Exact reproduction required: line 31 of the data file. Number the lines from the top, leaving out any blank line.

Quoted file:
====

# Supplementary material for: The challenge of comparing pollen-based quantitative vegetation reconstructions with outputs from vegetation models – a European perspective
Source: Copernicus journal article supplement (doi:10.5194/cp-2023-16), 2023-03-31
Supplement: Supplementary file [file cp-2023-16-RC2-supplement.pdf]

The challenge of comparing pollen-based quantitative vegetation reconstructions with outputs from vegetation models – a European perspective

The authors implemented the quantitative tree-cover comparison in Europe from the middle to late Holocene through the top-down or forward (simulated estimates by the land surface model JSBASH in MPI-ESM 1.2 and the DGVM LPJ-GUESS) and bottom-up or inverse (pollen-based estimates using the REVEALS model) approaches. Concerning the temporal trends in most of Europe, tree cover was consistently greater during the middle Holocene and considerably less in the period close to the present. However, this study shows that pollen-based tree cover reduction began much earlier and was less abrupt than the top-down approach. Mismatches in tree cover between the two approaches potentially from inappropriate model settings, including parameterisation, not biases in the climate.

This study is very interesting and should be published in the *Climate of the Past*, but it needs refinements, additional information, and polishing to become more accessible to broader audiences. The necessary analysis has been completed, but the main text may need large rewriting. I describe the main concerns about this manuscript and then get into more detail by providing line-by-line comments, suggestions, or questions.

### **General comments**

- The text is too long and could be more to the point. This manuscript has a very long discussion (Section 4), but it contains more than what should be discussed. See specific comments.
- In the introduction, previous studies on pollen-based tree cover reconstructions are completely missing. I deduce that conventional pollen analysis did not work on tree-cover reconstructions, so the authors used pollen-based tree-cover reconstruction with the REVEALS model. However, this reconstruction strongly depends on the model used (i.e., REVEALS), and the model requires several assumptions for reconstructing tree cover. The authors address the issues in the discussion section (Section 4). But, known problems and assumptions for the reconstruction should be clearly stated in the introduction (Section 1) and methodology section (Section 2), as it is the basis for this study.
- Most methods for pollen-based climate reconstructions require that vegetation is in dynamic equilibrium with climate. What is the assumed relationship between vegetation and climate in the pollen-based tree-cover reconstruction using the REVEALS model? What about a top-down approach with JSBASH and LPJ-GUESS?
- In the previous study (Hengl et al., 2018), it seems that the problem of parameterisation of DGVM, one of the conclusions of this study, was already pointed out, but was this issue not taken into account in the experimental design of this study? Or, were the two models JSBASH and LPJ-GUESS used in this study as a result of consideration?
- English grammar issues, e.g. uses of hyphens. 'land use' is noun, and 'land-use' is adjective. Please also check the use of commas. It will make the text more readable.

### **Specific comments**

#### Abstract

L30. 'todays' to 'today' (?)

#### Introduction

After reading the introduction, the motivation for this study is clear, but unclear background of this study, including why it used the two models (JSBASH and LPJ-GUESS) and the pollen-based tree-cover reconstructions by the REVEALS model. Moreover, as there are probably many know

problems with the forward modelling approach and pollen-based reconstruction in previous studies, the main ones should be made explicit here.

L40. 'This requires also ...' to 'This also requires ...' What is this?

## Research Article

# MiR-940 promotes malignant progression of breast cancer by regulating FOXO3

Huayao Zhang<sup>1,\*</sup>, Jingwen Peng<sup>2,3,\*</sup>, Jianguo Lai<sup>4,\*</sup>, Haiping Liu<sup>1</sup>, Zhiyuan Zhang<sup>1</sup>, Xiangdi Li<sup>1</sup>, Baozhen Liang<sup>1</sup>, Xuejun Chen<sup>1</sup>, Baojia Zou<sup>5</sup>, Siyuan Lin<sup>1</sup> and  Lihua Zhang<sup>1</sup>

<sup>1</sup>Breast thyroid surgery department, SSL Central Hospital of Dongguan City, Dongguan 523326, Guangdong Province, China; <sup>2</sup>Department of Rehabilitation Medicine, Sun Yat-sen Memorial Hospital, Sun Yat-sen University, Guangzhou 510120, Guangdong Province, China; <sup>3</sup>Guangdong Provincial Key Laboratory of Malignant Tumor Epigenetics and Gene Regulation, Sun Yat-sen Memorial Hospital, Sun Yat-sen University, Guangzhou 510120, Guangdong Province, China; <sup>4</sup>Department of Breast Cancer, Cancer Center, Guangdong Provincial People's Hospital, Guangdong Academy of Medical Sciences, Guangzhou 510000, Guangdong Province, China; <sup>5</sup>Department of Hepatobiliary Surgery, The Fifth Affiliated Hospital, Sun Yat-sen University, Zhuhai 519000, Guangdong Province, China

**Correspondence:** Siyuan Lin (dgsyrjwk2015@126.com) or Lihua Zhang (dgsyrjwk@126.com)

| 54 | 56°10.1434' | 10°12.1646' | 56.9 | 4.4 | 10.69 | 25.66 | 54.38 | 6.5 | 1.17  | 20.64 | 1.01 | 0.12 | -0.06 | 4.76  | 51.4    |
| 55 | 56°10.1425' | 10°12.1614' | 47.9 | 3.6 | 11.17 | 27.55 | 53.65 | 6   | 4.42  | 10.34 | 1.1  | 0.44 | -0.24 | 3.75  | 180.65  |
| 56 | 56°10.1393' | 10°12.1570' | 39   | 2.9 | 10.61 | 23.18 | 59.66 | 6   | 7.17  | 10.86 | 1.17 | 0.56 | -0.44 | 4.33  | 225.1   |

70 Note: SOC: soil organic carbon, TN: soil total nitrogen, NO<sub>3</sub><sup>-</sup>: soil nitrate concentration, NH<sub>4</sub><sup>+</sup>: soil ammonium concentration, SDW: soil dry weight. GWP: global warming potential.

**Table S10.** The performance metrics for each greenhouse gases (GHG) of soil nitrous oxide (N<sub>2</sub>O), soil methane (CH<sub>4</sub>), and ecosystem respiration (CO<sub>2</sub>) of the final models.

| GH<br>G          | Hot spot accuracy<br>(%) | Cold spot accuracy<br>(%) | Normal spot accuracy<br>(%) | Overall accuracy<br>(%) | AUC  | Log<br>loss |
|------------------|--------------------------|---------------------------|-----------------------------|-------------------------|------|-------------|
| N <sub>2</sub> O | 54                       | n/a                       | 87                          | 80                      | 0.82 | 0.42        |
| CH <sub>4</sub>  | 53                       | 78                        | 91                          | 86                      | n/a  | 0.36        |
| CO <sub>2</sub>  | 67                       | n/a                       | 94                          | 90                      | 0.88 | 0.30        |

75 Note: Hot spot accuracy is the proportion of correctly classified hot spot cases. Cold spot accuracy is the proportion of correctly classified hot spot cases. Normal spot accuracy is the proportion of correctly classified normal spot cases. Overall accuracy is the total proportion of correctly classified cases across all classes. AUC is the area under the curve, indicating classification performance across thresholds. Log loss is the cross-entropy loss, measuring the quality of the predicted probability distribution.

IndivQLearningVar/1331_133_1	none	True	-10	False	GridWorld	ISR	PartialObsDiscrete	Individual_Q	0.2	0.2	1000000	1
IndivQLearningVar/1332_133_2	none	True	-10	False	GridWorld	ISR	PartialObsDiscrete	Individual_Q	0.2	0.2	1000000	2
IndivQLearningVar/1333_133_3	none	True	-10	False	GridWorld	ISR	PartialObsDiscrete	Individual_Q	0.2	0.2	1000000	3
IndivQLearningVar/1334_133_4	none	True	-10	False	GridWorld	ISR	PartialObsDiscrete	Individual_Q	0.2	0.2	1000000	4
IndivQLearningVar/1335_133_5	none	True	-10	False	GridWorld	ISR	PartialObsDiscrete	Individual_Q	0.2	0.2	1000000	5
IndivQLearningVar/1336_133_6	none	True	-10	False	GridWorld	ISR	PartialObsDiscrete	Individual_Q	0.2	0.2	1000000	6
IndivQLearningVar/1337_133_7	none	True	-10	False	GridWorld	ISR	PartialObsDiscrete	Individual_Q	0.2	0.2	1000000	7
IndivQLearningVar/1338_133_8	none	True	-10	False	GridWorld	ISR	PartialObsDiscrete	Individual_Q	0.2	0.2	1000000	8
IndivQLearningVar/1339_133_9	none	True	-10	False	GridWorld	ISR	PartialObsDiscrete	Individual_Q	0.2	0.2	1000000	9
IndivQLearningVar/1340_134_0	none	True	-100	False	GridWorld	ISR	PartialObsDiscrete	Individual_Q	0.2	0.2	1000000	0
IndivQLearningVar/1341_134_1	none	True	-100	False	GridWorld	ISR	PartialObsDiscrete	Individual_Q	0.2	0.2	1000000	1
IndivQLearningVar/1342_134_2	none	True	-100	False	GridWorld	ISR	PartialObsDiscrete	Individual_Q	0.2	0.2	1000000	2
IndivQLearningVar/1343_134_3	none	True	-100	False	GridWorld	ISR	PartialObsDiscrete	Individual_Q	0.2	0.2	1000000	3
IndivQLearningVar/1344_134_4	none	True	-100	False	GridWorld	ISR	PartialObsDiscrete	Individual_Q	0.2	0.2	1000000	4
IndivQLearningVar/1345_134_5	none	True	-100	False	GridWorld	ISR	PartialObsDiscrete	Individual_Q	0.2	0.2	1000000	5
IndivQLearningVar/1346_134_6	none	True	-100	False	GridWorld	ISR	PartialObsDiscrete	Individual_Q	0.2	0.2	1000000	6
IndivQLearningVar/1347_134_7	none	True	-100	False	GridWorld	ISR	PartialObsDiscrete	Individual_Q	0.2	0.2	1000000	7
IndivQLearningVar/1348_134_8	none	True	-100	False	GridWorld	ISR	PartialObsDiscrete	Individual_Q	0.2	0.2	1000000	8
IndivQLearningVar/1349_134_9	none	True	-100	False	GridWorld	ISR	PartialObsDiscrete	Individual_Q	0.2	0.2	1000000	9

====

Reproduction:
|------------------|--------------------------|---------------------------|-----------------------------|-------------------------|------|-------------|